When Galway defeated Tipperary in the 1988 All-Ireland final, the defining score of that game was Noel Lane's late goal. It was clinically finished by Lane but it was hurling in its purest form.
After a John Commins puckout broke in the middle of the field, Tony Kilkenny whipped on the sliotar first time to drive it straight into Lane, who won the physical exchange with Conor O'Donovan, before kicking the ball ahead of himself and driving a ground shot past Ken Hogan.
Hurling was different back then. In that match, there were 98 ground balls played. When Galway finally bridged a 29-year gap last September, ground hurling was non-existent in the final against Waterford.
Players have never been more skilful but the game has changed so much that many of the old traditional skills are redundant in hurling now.
First-time, or ground hurling, isn't coached anymore. Possession is king but since there is little or no room for randomness anymore, the game has lost some of that aesthetic beauty. That's why a goal like Fergal Whitely's ground bullet on Sunday against Kilkenny was such a treasure.
Fergal Whitely smashes the back net! What a goal! pic.twitter.com/WHpXbhYi6J— The GAA (@officialgaa) May 13, 2018
After Eoin Murphy saved a rocket from Paul Ryan, Whitely let fly on the loose sliotar from 13 metres and drove it into the roof of the net.
Hurling has seen very few such scores in recent big championship games.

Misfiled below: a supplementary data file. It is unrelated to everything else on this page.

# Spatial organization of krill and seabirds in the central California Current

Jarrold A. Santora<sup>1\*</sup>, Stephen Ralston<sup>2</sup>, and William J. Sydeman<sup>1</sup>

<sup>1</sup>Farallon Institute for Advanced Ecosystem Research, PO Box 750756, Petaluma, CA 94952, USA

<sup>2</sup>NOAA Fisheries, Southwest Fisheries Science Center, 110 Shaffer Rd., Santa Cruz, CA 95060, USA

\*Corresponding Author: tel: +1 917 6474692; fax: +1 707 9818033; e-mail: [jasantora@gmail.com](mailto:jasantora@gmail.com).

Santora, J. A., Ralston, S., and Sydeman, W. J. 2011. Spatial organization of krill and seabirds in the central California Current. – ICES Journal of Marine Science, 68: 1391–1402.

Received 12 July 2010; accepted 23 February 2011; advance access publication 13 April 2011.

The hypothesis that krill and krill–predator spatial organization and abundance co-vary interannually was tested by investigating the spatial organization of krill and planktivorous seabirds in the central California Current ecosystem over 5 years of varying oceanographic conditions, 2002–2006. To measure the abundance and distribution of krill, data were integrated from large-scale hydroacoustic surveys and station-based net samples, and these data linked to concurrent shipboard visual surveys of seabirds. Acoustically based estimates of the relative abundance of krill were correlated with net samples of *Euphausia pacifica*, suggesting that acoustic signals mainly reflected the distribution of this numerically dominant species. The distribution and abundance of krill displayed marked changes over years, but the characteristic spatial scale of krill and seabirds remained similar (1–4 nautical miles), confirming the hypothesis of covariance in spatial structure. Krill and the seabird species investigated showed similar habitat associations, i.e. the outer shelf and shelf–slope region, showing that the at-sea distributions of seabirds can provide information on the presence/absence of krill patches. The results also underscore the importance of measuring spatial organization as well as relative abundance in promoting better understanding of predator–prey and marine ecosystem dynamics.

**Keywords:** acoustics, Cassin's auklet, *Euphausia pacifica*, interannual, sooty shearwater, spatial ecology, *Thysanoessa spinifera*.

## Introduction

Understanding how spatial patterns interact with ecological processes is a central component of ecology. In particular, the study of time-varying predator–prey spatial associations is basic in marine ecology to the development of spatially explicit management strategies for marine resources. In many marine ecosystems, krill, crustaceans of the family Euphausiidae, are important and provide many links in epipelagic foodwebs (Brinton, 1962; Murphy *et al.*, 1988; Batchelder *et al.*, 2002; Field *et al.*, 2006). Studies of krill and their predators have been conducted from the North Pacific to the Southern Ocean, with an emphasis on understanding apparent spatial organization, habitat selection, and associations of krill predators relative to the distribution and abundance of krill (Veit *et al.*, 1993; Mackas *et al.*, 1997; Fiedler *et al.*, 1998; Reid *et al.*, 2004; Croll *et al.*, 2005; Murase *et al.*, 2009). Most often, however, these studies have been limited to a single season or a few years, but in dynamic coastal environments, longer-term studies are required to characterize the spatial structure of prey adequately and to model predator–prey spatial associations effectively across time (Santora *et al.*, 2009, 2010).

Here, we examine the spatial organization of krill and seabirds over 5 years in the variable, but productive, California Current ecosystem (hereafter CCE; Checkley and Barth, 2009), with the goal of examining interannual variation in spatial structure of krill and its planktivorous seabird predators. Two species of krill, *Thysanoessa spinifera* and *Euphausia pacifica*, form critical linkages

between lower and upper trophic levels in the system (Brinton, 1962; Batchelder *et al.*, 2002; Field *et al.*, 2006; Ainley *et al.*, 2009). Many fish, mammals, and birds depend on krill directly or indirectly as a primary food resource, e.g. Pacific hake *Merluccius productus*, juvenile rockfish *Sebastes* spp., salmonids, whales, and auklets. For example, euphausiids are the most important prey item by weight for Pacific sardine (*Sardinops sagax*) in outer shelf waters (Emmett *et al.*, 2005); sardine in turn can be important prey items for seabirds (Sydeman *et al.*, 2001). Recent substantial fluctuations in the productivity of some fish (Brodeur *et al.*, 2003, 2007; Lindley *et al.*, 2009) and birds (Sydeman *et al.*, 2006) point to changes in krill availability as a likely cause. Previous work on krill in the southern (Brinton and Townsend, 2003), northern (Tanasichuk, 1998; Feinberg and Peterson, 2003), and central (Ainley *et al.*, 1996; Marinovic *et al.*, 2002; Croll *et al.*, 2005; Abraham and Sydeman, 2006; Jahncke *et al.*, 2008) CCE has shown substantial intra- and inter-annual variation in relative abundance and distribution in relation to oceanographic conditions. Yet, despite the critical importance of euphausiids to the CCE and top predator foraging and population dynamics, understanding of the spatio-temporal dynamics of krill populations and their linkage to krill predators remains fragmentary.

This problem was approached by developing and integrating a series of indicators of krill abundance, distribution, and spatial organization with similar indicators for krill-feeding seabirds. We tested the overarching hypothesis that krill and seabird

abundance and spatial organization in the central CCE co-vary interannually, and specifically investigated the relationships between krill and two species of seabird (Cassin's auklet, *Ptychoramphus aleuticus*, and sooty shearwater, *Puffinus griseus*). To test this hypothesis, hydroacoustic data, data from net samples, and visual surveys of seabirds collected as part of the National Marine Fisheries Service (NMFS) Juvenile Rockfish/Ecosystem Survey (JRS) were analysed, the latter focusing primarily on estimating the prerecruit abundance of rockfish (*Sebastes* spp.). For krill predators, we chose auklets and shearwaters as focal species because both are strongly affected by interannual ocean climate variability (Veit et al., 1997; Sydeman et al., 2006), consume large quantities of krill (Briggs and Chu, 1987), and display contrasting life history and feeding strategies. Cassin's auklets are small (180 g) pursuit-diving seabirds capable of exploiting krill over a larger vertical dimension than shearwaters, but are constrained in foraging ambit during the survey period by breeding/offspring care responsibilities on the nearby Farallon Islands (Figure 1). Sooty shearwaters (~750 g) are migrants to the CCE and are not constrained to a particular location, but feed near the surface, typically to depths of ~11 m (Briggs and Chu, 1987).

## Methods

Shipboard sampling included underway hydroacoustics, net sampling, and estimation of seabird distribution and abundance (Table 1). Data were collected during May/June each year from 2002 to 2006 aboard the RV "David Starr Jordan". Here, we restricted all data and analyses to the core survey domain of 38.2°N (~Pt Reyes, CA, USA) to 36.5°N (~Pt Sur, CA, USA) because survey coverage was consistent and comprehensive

Kilkenny's Eddie Brennan similarly connected on the loose sliotar after a Clinton Hennessy save in the 2008 All-Ireland final and Richie Hogan buried one from the deck when the Cats were chasing a lost cause against Tipperary in the 2016 decider.
Hurling's two greatest scores - Jimmy Barry-Murphy's overhead double against Galway in 1983, and John Fenton's ground-bullet against Limerick in 1987 - will probably never be seen again.
Those skills aren't coached anymore.
Players wouldn't even consider attempting those shots because it's not playing the percentages but Whitely showed there is still a place for the skill, especially around the goal. And even more so when close-in ground shots are a nightmare for goalkeepers.
"The keeper doesn't have that same opportunity with a ground stroke but those shots are also much harder to read"
The modern player will always be programmed into thinking possession is king but one of the key errors forwards often make is picking the ball close to goal, it invariably gives the goalkeeper that fraction of time to move forward, narrow the angle and get his or her body in front of the ball.
The keeper doesn't have that same opportunity with a ground stroke but those shots are also much harder to read. And if a forward makes the right connection, like Whitely did, the power is devastating.
The skill is harder to execute when players don't practise it anymore. They also may not have the confidence to try it but practising it outside of collective training has a number of advantages, especially in a ball alley.
For a start, letting fly on the ball - like a one-player game of squash or racquet-ball - is brilliant for timing, especially to get 'the eye in', while it's also excellent for footwork.
And more importantly, it conditions the player into thinking that when that ball pops up, or is loose around the goal - especially with a phalanx of defenders swarming back (there were four Kilkenny defenders and Murphy between Whitely and the goal) - the best option is to just let fly.
Read Christy O'Connor's new skills and coaching column every Monday on RTÉ.ie/sport and the News Now App.